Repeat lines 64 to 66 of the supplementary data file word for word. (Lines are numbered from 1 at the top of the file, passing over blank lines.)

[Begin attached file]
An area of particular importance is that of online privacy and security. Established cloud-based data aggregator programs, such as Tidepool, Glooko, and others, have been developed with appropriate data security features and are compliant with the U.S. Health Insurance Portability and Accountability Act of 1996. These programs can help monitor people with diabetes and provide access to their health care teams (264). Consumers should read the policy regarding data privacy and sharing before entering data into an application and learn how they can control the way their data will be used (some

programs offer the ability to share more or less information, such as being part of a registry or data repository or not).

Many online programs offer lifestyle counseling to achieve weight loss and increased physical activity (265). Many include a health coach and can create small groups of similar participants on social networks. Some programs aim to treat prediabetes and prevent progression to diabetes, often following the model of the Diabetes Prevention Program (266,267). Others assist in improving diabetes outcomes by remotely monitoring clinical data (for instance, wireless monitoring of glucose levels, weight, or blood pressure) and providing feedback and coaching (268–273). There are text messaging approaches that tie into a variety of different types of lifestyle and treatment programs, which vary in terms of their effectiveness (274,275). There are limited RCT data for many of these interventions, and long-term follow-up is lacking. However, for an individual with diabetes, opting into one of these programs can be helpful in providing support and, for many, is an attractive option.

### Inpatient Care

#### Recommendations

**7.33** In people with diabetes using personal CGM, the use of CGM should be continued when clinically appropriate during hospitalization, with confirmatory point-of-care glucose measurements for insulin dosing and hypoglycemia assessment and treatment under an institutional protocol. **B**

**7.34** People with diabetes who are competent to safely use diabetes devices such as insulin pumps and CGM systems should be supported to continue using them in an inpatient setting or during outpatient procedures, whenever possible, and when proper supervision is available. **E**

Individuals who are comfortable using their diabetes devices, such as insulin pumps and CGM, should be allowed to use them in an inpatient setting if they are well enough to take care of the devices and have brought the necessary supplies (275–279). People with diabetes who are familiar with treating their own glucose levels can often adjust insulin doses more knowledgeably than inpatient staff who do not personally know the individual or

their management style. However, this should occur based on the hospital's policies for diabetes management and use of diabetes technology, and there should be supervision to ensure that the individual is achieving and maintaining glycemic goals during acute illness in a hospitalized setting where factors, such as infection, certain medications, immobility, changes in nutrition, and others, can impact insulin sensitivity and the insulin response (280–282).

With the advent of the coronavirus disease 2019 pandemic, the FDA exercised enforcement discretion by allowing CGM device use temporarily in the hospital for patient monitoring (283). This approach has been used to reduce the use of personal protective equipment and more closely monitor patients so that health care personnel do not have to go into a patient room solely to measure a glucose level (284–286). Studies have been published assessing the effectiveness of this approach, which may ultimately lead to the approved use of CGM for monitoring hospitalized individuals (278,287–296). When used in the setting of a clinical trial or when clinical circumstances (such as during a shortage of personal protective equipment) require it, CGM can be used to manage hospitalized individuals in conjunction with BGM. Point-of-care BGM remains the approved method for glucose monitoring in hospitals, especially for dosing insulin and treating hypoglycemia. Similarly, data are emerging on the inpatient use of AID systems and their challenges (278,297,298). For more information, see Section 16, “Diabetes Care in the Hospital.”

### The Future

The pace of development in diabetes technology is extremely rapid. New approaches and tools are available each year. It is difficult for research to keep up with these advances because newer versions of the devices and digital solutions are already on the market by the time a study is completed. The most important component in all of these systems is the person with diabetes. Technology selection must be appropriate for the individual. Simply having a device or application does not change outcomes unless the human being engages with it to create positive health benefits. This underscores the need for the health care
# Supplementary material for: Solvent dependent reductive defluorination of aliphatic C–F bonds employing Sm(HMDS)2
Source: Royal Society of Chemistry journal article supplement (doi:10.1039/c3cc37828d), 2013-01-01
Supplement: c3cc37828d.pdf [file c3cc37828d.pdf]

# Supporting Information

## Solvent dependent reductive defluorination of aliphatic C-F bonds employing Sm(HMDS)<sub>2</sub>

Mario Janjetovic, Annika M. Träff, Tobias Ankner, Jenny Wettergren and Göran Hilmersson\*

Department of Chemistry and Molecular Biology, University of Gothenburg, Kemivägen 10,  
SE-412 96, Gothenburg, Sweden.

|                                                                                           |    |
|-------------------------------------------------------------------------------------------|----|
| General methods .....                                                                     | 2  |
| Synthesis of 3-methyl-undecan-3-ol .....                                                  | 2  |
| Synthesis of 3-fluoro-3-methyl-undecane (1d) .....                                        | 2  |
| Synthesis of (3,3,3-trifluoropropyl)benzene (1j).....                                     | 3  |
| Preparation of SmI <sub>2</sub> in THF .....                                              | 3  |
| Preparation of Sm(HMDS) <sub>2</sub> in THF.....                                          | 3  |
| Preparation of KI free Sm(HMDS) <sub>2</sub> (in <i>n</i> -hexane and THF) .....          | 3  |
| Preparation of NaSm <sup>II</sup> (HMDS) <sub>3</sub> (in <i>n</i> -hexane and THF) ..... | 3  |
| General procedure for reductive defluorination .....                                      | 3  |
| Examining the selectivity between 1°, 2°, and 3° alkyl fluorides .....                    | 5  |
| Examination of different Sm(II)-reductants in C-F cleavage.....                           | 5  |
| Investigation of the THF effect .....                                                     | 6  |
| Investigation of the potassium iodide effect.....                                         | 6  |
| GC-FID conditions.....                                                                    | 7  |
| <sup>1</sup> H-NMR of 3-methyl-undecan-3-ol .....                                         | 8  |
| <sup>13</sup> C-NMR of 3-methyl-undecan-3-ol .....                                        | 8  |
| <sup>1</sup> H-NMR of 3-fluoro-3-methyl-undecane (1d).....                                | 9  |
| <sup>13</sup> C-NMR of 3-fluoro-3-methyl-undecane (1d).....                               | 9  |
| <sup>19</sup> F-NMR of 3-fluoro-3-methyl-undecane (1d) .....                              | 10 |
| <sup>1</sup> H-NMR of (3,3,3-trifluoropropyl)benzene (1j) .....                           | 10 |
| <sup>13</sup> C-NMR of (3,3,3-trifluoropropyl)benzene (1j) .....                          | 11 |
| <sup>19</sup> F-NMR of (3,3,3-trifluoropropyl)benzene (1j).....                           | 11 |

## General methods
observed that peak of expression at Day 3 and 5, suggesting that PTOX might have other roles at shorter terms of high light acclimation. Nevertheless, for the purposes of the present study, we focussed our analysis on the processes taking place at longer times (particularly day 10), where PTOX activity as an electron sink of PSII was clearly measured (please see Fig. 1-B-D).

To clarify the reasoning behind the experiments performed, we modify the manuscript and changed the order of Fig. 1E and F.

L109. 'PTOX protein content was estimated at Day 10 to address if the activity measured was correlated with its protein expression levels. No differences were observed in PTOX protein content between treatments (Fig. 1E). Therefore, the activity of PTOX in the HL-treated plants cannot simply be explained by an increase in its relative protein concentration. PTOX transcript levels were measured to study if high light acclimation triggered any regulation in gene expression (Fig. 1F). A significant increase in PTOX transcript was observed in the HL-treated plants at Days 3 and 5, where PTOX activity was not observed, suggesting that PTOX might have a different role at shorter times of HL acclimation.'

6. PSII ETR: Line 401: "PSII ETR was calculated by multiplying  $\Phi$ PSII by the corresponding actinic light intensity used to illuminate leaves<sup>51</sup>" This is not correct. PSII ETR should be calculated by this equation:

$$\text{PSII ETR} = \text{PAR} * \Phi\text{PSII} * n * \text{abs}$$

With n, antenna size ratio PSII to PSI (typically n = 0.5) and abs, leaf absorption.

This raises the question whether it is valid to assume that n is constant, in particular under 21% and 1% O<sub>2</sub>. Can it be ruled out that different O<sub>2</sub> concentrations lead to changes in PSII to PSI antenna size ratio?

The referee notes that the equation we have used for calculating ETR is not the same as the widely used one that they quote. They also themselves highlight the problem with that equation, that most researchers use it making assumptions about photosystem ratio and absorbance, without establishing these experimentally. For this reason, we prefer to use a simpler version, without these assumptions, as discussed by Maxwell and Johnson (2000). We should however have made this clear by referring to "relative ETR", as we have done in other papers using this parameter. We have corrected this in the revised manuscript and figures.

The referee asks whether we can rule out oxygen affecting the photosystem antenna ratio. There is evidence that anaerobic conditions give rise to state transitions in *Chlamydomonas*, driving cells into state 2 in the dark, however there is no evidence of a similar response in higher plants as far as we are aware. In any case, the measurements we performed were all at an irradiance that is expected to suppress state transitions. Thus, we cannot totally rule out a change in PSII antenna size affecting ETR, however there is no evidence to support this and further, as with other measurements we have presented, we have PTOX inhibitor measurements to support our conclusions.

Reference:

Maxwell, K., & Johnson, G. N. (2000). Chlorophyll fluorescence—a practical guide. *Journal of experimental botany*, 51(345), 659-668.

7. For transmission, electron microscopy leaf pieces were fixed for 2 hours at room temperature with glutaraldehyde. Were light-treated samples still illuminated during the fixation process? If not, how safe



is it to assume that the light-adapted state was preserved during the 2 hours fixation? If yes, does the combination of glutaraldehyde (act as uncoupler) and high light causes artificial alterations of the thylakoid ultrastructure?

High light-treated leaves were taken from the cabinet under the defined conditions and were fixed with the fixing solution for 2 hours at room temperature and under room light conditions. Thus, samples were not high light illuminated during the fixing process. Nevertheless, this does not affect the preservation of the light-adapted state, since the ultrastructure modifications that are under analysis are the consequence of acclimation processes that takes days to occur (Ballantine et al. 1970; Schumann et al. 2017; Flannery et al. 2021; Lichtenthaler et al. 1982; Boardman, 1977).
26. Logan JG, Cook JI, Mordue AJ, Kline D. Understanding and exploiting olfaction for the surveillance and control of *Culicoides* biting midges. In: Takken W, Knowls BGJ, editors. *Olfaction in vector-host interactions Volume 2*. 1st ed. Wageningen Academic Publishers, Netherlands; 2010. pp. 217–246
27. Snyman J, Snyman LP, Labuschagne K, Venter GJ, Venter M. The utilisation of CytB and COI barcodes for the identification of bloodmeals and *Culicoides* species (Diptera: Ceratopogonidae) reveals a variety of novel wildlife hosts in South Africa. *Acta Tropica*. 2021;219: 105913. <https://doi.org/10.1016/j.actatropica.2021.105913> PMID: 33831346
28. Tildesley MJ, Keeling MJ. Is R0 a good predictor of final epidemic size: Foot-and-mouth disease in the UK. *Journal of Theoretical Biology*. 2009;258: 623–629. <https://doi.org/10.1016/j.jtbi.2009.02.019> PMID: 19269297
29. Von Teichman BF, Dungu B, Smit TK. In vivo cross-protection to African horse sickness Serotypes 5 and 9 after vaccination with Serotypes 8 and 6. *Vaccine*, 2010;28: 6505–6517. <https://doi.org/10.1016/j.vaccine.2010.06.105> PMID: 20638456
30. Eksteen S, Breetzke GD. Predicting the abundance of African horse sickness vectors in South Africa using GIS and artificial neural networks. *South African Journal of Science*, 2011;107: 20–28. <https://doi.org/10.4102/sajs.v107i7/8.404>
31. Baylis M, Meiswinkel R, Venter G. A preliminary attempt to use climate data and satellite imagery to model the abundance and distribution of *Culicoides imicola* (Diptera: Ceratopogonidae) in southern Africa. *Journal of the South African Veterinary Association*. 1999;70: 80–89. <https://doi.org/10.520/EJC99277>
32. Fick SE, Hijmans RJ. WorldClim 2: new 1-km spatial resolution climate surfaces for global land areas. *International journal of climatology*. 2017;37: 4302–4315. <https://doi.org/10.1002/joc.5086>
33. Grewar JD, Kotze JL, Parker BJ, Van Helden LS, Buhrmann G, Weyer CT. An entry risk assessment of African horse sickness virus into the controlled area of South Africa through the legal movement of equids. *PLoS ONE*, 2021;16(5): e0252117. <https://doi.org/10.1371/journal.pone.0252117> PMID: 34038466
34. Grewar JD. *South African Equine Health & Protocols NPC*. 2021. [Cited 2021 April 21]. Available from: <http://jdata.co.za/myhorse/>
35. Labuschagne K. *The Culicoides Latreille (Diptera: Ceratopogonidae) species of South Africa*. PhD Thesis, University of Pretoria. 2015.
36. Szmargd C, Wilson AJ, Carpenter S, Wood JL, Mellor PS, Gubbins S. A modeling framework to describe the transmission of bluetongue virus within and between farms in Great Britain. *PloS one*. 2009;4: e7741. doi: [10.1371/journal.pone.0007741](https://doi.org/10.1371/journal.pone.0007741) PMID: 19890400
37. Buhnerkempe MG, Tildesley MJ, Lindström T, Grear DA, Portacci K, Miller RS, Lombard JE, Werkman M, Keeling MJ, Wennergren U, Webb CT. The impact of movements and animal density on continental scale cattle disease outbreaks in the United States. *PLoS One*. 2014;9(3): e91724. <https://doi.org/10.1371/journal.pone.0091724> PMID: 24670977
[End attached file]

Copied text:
30. Eksteen S, Breetzke GD. Predicting the abundance of African horse sickness vectors in South Africa using GIS and artificial neural networks. *South African Journal of Science*, 2011;107: 20–28. <https://doi.org/10.4102/sajs.v107i7/8.404>
31. Baylis M, Meiswinkel R, Venter G. A preliminary attempt to use climate data and satellite imagery to model the abundance and distribution of *Culicoides imicola* (Diptera: Ceratopogonidae) in southern Africa. *Journal of the South African Veterinary Association*. 1999;70: 80–89. <https://doi.org/10.520/EJC99277>
32. Fick SE, Hijmans RJ. WorldClim 2: new 1-km spatial resolution climate surfaces for global land areas. *International journal of climatology*. 2017;37: 4302–4315. <https://doi.org/10.1002/joc.5086>